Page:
To be honest I was amazed at how hard she worked. 

Personally the thought of taking on fitting (essentially muslins for every size and type of body shape possible) is something I wouldn't do. So much work and we are all so demanding about pant fit. Friends of mine have been working on the same pant muslin for decades.

Think about it. Think about the challenge of figuring out which fit issues are personal shape issues and which ones are pattern design issues. This is huge.

I have to say that how this was handled was impressive. 

The final version of the pants pattern has been carefully developed that's for sure. But any pattern is not going to fit every conceivable body curve exactly out of the envelope. So in recognition of that this pattern comes with an excellent pattern adjustment/alteration booklet that really would be a fitting handbook for any pants maker.

A note on the style of these pants. 

They are trousers, meaning more thigh ease than many of us after years of skinny pants are used to. They hang down at the back as opposed to cup under the seat. It is important to distinguish between fit and design issues in your expectations.

The pattern can be made with or without pockets and in either a stretch woven with some drape, or a knit like ponte (although I note that some testers used straight up wovens and they seemed to work well too). 

There is a classic trouser width and a tapered leg option. There are two waistband options, a knit yoga band and a standard waistband to go with an invisible side zipper. I think a knit yoga band combined with a stretch woven would work too depending on your hip to waist ratio.

For my own version of the final I used the wrong fabric, a poplin with only a tiny bit of stretch, and I knew it wouldn't hang as well as the suggested fabrics. 

However I have been desperate for comfortable golf pants that I could move in easily in a lighter fabric for the evenings when the bugs come out. I took a chance. Next time I make these for non golf wear I will take these down a size particularly if I do the knit version or use a real stretch woven. 

Interesting that one of Tami's fit recommendations is to go down a size always if you fall between the exact measurements in the charts. Given the ease of this pattern that makes a lot of sense.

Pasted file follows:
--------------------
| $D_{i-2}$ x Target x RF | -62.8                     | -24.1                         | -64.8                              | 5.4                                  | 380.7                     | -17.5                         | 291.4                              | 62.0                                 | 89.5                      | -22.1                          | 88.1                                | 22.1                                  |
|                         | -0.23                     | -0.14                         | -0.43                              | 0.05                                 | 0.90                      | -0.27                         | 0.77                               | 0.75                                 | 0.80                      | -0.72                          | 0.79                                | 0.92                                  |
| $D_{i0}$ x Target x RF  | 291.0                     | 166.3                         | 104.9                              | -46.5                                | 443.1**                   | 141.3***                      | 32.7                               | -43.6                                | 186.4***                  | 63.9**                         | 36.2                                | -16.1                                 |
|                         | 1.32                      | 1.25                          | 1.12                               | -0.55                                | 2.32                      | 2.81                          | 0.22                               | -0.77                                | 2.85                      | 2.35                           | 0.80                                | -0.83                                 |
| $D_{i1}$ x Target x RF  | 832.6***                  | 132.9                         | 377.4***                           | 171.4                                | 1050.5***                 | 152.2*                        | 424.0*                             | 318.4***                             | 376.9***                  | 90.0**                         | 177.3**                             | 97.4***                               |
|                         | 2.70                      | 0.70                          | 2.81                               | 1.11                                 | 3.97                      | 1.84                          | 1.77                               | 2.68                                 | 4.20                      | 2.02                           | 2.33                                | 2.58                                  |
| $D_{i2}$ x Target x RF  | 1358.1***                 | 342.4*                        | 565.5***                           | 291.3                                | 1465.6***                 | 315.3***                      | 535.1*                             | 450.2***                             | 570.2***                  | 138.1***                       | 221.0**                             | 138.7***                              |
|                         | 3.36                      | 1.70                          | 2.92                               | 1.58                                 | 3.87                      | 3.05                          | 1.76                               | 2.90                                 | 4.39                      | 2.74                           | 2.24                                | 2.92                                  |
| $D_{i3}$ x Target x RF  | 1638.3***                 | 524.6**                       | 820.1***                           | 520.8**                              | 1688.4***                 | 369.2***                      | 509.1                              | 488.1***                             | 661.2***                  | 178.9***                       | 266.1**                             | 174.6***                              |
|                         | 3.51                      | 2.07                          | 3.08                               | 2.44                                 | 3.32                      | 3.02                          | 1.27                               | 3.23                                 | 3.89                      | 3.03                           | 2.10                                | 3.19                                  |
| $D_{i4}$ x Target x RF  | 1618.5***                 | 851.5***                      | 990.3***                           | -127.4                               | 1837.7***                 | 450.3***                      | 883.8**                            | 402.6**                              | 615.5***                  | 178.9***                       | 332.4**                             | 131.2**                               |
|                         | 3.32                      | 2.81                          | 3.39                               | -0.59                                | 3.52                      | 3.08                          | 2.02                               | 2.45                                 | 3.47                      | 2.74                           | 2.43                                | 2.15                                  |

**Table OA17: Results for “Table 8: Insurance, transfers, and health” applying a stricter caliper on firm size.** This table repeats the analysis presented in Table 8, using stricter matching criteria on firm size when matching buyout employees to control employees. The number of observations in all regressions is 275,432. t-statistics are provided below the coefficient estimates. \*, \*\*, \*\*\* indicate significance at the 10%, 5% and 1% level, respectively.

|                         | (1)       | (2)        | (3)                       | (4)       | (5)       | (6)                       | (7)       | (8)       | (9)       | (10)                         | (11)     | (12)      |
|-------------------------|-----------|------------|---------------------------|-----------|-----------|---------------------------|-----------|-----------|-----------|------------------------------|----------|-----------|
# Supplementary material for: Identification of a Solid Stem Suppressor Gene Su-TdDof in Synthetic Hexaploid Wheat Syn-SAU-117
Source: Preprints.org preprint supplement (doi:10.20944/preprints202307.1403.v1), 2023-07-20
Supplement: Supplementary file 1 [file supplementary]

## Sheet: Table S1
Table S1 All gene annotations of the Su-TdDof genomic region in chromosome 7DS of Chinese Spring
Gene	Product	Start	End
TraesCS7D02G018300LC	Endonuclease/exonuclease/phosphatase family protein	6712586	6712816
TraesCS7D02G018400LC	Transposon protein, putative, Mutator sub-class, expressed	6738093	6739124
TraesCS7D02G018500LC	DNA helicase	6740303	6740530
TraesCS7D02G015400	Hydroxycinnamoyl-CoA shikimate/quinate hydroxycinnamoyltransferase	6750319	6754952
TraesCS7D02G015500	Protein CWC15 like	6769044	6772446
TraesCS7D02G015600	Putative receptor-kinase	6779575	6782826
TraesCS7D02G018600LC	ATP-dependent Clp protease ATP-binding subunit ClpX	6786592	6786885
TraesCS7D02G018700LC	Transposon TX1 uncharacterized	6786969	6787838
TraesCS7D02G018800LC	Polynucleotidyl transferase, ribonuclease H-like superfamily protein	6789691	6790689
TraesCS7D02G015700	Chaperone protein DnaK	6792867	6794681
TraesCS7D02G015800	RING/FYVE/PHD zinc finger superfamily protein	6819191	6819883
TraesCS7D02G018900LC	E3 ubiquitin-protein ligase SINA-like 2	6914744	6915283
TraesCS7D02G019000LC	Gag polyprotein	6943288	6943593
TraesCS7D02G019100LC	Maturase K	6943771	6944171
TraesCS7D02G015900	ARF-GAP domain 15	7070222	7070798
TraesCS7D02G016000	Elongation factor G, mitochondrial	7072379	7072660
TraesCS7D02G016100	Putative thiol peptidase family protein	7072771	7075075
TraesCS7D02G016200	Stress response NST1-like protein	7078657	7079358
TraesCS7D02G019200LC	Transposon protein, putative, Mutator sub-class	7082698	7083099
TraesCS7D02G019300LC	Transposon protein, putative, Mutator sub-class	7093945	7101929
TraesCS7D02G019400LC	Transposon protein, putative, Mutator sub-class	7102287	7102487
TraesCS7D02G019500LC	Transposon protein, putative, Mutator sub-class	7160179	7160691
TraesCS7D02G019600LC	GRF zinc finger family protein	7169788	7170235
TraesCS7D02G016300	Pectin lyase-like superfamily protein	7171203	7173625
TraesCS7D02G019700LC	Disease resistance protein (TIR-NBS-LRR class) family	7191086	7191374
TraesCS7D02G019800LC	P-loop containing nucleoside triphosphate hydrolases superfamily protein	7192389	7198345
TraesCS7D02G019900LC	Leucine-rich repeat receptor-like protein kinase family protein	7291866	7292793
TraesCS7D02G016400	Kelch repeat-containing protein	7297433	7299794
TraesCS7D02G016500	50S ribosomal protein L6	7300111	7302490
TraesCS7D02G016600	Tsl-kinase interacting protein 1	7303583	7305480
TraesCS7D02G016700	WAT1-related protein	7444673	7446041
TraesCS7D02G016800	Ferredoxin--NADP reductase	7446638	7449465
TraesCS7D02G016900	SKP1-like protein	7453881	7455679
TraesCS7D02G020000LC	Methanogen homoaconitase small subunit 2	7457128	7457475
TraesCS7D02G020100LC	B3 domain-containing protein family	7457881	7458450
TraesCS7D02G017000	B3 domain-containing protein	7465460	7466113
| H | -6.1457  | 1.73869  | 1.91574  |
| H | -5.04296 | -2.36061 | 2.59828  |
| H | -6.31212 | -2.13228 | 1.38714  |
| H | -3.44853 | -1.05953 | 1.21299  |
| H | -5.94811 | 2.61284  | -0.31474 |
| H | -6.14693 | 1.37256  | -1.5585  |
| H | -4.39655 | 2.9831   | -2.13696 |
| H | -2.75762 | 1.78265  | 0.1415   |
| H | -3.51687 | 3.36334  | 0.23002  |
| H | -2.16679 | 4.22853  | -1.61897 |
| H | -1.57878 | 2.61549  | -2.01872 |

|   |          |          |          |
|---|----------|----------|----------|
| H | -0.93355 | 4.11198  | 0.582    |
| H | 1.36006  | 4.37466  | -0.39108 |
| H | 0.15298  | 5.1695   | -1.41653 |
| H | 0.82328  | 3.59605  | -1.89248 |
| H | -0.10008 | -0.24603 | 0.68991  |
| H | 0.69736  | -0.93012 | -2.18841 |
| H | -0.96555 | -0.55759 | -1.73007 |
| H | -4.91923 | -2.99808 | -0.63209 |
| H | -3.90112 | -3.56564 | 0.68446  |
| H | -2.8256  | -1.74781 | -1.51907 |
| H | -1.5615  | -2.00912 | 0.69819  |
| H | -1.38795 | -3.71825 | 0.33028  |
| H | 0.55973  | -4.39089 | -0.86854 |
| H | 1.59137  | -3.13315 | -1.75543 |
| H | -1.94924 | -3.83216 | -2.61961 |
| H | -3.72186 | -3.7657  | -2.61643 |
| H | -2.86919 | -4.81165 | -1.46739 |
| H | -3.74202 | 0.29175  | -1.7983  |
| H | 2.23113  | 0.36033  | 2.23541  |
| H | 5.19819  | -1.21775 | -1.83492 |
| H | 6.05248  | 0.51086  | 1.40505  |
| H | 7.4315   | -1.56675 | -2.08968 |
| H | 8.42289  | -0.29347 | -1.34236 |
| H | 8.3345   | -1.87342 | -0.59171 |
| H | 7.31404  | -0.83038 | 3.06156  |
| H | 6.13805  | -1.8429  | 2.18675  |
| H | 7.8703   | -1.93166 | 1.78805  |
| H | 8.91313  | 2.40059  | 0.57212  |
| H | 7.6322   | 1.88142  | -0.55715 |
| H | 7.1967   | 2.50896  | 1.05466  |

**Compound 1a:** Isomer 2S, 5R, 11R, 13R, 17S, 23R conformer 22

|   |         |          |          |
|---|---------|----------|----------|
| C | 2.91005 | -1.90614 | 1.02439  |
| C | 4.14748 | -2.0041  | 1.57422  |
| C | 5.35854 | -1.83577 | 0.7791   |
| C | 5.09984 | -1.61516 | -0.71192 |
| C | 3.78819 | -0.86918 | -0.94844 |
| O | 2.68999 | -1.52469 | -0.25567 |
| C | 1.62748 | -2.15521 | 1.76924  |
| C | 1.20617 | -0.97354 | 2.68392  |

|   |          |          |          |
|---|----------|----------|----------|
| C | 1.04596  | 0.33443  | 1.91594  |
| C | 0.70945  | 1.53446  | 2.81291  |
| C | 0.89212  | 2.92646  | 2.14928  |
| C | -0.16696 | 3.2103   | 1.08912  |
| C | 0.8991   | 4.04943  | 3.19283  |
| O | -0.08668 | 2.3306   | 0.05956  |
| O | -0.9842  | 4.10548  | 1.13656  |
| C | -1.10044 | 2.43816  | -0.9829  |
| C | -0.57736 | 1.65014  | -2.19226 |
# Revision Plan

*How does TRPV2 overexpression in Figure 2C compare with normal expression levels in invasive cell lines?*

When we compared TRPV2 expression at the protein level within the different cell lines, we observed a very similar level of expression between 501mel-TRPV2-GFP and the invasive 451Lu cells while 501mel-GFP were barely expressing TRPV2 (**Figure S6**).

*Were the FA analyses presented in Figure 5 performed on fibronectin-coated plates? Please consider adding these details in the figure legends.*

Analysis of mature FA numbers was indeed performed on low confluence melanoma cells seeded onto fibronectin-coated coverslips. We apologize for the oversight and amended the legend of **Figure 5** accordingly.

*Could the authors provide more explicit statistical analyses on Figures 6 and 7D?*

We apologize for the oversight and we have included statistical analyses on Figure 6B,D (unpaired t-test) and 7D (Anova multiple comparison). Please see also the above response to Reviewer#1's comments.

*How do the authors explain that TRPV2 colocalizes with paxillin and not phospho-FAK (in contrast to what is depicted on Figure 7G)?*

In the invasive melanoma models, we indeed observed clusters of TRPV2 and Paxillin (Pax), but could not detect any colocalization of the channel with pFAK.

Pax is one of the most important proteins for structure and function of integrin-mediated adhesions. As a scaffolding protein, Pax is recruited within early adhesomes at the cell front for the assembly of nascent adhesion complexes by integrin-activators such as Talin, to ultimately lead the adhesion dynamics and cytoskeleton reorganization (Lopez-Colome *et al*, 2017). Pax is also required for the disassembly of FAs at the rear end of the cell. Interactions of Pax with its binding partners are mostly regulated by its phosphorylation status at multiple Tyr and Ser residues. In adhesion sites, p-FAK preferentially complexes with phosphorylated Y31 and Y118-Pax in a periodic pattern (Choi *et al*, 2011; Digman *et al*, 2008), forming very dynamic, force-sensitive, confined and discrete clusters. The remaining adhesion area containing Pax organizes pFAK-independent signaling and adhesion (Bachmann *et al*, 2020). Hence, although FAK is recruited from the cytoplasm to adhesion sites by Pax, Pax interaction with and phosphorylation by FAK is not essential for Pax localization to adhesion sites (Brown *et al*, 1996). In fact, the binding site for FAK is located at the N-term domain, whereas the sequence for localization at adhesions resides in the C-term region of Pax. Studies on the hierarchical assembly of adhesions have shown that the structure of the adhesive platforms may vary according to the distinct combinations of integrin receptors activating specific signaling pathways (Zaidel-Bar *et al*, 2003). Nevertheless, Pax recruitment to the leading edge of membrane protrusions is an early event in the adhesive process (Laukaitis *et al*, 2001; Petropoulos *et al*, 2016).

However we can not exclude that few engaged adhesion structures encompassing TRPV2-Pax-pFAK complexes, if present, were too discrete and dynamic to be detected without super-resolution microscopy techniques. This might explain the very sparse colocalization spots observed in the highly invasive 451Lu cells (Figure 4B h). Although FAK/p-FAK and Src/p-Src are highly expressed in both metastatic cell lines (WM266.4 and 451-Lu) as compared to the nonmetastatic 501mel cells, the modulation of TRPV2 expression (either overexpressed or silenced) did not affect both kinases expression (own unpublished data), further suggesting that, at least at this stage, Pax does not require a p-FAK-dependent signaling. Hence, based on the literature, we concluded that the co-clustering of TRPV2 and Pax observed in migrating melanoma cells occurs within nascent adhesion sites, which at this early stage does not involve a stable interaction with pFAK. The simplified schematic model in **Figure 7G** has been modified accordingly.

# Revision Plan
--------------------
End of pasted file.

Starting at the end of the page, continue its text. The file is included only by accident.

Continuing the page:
So here are my own pants, done from the last version of the pattern but without any personal alterations. I will do those next time, like adding length to the legs and reducing the front crotch depth a bit. Again done in not the best fabric choice for the pattern, I think there are more illustrative versions posted by other testers you can see in the pattern link. That said I have worn these already a few times and found them perfect for comfortable pants on the golf course. I will be making more.




So here's what I learned from testing this pattern:

1. Allow yourself some real dedicated time to do this. The pattern designer needs this from you. I had company arrive in the middle and this made it hard to do all versions.

2. Understand this is not a get a free pattern exercise but real work. This is test and feedback sewing not sample sewing. You will burn through a lot of stash fabric to do a good job. In my case I was happy to do this and get some weird coloured stuff that I am not sure why I bought it out of the inventory. All the testers were given a store credit to put towards future pattern purchases at the end of the process, but really in relation to time and fabric spent this should not be a main motivator to involve yourself in this process.

And finally some thoughts on Indie patterns and my experience.

I often hear from long time sewers that they don't like or trust Indie designers. 

I so get this. But I also don't think it is accurate all the time. Whose Indie pattern really matters.

Sure I have had my own experiences with quickly produced patterns that have been rushed into .pdfs and Paypal set ups by the kind of newish sewers who might be considered to be in the category of those who don't know what they don't know. Some of the independently patterns I have bought have been pretty crude and technically illiterate to be honest, but I could, and have, sometimes said exactly that about patterns from the Big Four.

So really it seems to me that the best thing to do is to remember the word Indie means independent and that each of these operations is a reflection of itself and not a category of pattern-making.

So having gone through this process in depth with Love Notions I now know that this company really puts a huge amount of effort and attention to detail into pattern development. I have had good results with their patterns in the past, mainly tops, but now I understand the design process from the inside I would trust them as a reliable source for quality patterns in the future. 

It would be interesting to test more of these patterns and I might even do the odd one for another designer again if I have the time. 

Your thoughts?